Monday, September 17, 2018

Tech majors as utilities?

There is a thought developing among many of varying political persuasions that the major technology companies are too powerful, and have too much information.  Those focused on include Google, Facebook, Apple, Amazon, and Twitter, but names like Netflix and Adobe would probably fall into this net as well, others could.

It is clear that most of these companies are more efficient and at the least as effective at information management than the government.  Should they be regulated as utilities?  Possibly around the edges and subject to some ground rules would be the thought here, but a coterie of those on both the political right and left are now beginning to look for something more stringent.  The need for competitive markets is a concern in various areas of retail business and the manipulation of information for political purposes is another.  Another not at all trivial issue is whether the social networks have been engineered to create addictive behavior that leads to more information in their hands for advertising purposes, and  leads to unproductive use of time by all ages that could otherwise be spent productively, hey even on first hand relationships with other people.  These are legitimate areas to focus on, but regulation done right would be best if not punitive.  This situation evolved due to a vibrant private sector that encouraged innovation, independent of stodgy government oversight.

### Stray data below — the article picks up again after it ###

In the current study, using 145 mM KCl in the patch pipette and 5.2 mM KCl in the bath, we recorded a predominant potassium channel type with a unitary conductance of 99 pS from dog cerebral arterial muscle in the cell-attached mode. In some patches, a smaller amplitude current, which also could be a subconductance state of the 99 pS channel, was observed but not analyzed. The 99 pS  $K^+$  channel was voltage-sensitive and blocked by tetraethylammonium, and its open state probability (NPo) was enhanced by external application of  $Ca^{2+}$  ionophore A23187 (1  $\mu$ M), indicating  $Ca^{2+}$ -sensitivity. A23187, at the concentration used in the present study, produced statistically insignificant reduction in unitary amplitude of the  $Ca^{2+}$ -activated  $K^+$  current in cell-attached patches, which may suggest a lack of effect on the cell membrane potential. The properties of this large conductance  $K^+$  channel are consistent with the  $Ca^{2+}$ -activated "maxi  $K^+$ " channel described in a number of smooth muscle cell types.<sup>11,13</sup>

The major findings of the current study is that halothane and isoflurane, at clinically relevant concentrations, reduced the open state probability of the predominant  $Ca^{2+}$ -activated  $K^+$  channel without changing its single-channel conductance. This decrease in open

The danger now is that we are in the age of Trump.  How can any transition to some regulatory guidelines be managed in a way that does not further the censorship aims and overreach of this President?  Well meaning advocates of regulation could be exploited by his minions looking for power and more.  How this plays out is an important issue.  No big insight here, more to come...

Saturday, September 15, 2018